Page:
I received a digital advance reader’s copy (ARC) of A Million to One by Adiba Jaigirdar. Since this version is just a proof and not the final version, I won’t quote directly and will keep my comments general.
In A Million to One, Josefa is a street thief. Violet is an actress. Hinnah is an acrobat. Emilie is an artist. The only thing they have in common is that they all live in the same boarding house. Josefa sees potential in all of them to be a team, though, and so convinces the other three to help her with her next goal—to steal the Rubaiyat, a priceless jewel-encrusted book, and make a fortune. As it turns out, this book is being taken across the sea to America, giving the girls an opportunity to pull off the heist. So they board the ship, a magnificent new ocean liner called the Titanic…
I read Jaigirdar’s debut novel, The Henna Wars, a couple years ago, and quite enjoyed it, so I was excited to see that she has this historical fiction coming out!
Overall, I liked all four of the main characters. It took me a while to get straight who was who, because a lot of information about their backstories was introduced rapidly in the first few chapters, but once I got the hang of it, it was fine. However, I didn’t entirely feel that they were all given enough depth of personality, because there was only so much time to devote to their development amidst the plot. For example, Violet’s initial dislike of Emilie didn’t feel that believable, as we were mostly told rather than shown that she didn’t trust her. And then it was resolved rather quickly, so it didn’t feel like it mattered much.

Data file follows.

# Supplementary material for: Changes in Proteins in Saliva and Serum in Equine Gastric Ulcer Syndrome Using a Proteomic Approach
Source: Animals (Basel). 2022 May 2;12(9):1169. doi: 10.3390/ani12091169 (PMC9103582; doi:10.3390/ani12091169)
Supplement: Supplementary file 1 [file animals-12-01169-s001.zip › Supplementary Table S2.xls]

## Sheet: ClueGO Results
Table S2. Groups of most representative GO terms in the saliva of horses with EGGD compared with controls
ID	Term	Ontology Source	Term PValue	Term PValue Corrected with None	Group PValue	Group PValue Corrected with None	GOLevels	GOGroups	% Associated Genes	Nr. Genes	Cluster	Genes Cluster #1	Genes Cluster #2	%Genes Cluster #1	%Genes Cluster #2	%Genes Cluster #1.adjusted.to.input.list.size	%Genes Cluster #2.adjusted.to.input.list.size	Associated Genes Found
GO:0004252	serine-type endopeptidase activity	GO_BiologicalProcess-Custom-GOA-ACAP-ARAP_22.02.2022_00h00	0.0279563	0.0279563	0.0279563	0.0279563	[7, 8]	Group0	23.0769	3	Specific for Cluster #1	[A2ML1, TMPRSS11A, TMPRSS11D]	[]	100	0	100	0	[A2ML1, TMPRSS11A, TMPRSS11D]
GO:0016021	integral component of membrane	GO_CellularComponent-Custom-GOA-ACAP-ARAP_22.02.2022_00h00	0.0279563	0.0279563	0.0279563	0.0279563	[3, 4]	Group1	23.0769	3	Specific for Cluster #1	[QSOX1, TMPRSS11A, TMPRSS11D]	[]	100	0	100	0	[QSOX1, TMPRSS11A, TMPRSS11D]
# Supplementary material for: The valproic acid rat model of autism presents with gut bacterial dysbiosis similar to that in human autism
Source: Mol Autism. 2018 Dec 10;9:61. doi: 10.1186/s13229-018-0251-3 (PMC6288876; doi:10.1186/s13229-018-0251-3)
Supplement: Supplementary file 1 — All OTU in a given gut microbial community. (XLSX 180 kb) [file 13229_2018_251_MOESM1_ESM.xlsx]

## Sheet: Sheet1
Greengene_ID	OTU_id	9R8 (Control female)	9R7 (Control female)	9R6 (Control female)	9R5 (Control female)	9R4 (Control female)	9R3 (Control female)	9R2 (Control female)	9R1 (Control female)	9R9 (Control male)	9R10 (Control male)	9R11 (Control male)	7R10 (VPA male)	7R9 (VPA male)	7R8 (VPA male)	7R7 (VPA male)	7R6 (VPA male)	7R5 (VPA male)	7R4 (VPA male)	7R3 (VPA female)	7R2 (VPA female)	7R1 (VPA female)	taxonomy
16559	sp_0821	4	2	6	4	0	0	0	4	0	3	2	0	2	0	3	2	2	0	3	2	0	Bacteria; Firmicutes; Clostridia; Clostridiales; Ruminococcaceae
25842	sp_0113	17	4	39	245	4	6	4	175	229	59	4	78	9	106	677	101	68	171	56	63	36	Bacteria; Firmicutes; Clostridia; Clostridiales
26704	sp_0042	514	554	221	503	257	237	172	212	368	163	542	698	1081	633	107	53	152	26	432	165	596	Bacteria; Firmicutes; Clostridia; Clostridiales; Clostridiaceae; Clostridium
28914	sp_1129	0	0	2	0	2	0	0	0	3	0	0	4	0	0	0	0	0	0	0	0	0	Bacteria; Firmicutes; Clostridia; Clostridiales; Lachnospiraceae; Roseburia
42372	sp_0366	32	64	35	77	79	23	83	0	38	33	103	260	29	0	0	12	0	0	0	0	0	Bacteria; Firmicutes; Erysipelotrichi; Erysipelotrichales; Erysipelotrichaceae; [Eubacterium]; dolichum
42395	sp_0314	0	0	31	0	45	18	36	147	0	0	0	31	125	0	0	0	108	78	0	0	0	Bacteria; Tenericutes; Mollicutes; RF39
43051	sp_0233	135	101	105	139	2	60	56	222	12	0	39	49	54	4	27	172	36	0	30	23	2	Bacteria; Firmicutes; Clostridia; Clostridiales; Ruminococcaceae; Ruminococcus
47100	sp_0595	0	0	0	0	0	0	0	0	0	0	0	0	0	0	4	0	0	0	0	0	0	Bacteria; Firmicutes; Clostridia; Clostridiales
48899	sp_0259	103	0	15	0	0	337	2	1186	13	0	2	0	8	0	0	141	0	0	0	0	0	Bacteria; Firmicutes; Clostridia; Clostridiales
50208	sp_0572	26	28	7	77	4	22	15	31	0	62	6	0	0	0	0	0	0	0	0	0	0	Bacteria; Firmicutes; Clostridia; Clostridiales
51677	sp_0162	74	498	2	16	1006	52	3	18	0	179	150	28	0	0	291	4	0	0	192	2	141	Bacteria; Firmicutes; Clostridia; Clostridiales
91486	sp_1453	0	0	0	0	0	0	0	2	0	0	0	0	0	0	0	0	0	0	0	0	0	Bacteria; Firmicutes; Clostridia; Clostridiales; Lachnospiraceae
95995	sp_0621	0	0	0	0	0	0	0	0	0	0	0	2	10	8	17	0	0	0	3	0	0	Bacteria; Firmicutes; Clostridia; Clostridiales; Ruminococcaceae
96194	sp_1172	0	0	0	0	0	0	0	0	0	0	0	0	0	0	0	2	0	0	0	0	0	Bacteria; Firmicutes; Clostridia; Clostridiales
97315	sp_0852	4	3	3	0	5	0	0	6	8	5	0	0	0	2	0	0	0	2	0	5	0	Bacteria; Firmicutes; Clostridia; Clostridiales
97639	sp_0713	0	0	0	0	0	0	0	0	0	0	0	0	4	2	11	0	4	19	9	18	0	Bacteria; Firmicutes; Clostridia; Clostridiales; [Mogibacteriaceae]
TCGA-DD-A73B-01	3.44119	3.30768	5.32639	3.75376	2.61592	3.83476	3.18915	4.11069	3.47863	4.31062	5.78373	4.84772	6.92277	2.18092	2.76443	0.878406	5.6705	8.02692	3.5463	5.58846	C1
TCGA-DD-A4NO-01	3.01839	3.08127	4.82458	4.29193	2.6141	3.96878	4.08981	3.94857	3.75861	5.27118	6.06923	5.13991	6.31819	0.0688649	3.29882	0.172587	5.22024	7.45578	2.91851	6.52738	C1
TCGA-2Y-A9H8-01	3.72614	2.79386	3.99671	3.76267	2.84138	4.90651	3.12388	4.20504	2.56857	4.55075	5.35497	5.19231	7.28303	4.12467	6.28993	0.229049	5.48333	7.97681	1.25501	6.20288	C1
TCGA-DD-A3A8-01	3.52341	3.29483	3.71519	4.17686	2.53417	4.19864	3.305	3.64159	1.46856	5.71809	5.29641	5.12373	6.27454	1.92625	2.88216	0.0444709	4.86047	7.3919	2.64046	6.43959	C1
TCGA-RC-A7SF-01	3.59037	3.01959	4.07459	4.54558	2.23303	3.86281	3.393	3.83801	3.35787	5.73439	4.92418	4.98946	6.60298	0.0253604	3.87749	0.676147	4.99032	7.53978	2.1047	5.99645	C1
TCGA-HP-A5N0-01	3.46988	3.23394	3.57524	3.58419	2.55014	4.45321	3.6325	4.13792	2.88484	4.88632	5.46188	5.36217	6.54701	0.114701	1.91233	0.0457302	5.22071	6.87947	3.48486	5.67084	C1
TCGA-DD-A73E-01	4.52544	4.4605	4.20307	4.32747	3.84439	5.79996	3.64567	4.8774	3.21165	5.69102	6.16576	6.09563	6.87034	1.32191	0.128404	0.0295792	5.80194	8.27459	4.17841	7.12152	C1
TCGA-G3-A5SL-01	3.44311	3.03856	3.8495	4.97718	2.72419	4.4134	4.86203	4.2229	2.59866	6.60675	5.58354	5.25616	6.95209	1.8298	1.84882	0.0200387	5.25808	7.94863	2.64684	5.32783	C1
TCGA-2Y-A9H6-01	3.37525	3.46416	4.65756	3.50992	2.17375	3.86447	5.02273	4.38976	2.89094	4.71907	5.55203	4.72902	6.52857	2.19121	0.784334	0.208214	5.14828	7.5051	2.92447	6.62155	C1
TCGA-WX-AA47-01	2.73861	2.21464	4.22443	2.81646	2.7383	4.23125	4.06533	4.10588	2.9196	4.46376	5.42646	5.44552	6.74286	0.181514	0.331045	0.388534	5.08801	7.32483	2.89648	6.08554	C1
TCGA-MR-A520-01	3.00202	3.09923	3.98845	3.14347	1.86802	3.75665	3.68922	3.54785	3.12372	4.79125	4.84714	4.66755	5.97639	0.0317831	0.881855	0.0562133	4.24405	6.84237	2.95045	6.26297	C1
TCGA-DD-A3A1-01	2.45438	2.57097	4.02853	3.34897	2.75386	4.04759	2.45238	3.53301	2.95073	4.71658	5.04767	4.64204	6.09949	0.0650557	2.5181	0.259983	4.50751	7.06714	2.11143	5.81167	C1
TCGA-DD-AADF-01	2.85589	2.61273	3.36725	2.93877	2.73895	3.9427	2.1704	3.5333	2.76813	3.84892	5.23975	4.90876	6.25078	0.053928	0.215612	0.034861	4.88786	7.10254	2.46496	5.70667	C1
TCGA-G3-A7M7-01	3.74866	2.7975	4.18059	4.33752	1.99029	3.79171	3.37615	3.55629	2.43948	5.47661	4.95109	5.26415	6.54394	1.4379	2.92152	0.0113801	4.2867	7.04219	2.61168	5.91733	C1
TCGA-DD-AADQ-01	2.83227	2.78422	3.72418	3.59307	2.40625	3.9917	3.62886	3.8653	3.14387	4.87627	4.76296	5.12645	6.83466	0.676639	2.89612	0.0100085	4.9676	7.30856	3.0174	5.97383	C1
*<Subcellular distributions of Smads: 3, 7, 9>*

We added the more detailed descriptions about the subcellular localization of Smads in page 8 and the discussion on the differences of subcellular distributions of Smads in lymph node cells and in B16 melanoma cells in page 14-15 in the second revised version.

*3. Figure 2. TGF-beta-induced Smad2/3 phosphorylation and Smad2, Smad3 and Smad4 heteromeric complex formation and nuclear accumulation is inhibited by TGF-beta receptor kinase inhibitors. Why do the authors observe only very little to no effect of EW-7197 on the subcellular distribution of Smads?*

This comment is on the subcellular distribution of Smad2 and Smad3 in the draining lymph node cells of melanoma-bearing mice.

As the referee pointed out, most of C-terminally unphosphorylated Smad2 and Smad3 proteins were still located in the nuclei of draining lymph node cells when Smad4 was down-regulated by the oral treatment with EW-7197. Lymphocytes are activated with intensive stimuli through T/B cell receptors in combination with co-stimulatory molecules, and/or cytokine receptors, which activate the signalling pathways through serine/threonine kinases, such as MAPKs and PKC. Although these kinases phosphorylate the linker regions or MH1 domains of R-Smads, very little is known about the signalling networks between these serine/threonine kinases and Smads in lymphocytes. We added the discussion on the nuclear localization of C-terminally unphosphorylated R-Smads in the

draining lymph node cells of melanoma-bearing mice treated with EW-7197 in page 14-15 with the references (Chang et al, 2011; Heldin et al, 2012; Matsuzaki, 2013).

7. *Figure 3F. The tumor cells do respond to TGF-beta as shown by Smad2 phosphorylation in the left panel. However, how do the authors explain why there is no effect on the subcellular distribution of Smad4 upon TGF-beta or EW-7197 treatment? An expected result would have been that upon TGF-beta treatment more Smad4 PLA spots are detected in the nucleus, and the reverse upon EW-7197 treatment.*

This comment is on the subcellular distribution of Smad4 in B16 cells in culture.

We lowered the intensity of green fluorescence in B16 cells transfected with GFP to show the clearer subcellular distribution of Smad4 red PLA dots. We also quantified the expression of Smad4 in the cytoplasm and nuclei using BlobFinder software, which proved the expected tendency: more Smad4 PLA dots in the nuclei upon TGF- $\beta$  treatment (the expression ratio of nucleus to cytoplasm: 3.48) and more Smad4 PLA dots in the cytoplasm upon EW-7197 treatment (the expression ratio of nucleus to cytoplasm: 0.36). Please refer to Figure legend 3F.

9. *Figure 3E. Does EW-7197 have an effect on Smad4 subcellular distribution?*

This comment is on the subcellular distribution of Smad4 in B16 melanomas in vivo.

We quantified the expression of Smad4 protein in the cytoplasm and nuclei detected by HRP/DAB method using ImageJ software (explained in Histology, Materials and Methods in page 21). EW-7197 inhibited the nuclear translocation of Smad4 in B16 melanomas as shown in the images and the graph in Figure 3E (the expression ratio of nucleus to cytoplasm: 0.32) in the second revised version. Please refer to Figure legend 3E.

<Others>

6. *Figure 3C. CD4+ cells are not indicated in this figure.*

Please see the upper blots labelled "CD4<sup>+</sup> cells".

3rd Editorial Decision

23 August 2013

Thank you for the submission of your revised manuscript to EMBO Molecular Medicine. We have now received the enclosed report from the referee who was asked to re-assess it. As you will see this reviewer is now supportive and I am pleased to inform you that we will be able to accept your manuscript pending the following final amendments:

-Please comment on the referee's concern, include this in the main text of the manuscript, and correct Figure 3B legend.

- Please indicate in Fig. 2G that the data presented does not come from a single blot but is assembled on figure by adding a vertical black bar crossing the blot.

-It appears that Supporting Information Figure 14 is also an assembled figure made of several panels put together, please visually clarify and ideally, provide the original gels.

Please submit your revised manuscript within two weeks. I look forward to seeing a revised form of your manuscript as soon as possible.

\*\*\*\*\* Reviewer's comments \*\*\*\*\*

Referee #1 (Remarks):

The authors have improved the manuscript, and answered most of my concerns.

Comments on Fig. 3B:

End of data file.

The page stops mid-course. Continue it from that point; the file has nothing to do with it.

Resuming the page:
Beyond that, though, I thought the idea of a heist on the Titanic was a great one. It was interesting to see through the eyes of these girls, who are outsiders in the high society of many of this ship’s passengers, navigate this setting. In fact, I wanted even more exploration of what it was like to sail on it, because so much of the storyline involved avoiding most people on the ship. We didn’t get to see as much of what it was like to be there as I wanted; I was expecting more infiltration of the rich society than we got.
I also thought the sinking would take up more of the story than it did. I know that in real life, it all did go down (ooh, pun not intended…) quite quickly, but in this book it seemed to take way fewer chapters than expected. And again, I wanted to be slightly more immersed in this famous event than I was, probably due to this pacing issue. Still, the fear and tragedy that occurs that night is palpable, and Jaigirdar can write some decently suspenseful action.
In the end, A Million to One is not fantastic, but certainly not bad. There are some decent characters, even if their development is a little shallow. But I liked the relationships between all four, and the romantic subplot is sweet. There’s a fair amount of Titanic history, and some engaging action toward the end. The ending isn’t my favorite, but overall, I still liked this.
A Million to One will be published on December 13th, 2022!